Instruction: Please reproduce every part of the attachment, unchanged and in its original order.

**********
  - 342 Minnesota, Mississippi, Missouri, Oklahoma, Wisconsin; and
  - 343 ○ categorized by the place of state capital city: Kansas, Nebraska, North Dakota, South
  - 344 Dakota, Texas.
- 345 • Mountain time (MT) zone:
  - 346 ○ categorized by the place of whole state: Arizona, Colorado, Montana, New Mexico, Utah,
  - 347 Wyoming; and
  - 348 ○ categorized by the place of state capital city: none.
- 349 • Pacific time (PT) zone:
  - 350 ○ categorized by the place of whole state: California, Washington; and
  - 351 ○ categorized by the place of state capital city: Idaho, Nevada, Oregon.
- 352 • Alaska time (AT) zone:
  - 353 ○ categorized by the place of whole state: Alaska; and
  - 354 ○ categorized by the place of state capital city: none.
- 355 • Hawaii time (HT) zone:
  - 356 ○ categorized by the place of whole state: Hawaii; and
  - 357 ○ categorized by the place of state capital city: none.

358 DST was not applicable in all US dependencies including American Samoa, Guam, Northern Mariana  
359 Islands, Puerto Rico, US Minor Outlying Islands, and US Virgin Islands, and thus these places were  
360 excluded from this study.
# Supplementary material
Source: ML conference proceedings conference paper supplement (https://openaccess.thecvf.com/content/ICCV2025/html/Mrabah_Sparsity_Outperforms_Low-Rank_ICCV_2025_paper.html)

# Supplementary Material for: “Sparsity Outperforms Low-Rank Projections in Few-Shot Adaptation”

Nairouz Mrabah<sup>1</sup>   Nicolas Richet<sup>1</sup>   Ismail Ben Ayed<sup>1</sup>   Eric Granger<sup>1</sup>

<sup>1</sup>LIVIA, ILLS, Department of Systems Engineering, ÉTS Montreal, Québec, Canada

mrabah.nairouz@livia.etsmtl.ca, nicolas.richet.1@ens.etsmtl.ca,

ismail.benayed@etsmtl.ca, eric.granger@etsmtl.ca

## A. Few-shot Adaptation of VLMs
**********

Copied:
  - 342 Minnesota, Mississippi, Missouri, Oklahoma, Wisconsin; and
  - 343 ○ categorized by the place of state capital city: Kansas, Nebraska, North Dakota, South
  - 344 Dakota, Texas.
- 345 • Mountain time (MT) zone:
  - 346 ○ categorized by the place of whole state: Arizona, Colorado, Montana, New Mexico, Utah,
  - 347 Wyoming; and
  - 348 ○ categorized by the place of state capital city: none.
- 349 • Pacific time (PT) zone:
  - 350 ○ categorized by the place of whole state: California, Washington; and
  - 351 ○ categorized by the place of state capital city: Idaho, Nevada, Oregon.
- 352 • Alaska time (AT) zone:
  - 353 ○ categorized by the place of whole state: Alaska; and
  - 354 ○ categorized by the place of state capital city: none.
- 355 • Hawaii time (HT) zone:
  - 356 ○ categorized by the place of whole state: Hawaii; and
  - 357 ○ categorized by the place of state capital city: none.

358 DST was not applicable in all US dependencies including American Samoa, Guam, Northern Mariana  
359 Islands, Puerto Rico, US Minor Outlying Islands, and US Virgin Islands, and thus these places were  
360 excluded from this study.
# Supplementary material
Source: ML conference proceedings conference paper supplement (https://openaccess.thecvf.com/content/ICCV2025/html/Mrabah_Sparsity_Outperforms_Low-Rank_ICCV_2025_paper.html)

# Supplementary Material for: “Sparsity Outperforms Low-Rank Projections in Few-Shot Adaptation”

Nairouz Mrabah<sup>1</sup>   Nicolas Richet<sup>1</sup>   Ismail Ben Ayed<sup>1</sup>   Eric Granger<sup>1</sup>

<sup>1</sup>LIVIA, ILLS, Department of Systems Engineering, ÉTS Montreal, Québec, Canada

mrabah.nairouz@livia.etsmtl.ca, nicolas.richet.1@ens.etsmtl.ca,

ismail.benayed@etsmtl.ca, eric.granger@etsmtl.ca

## A. Few-shot Adaptation of VLMs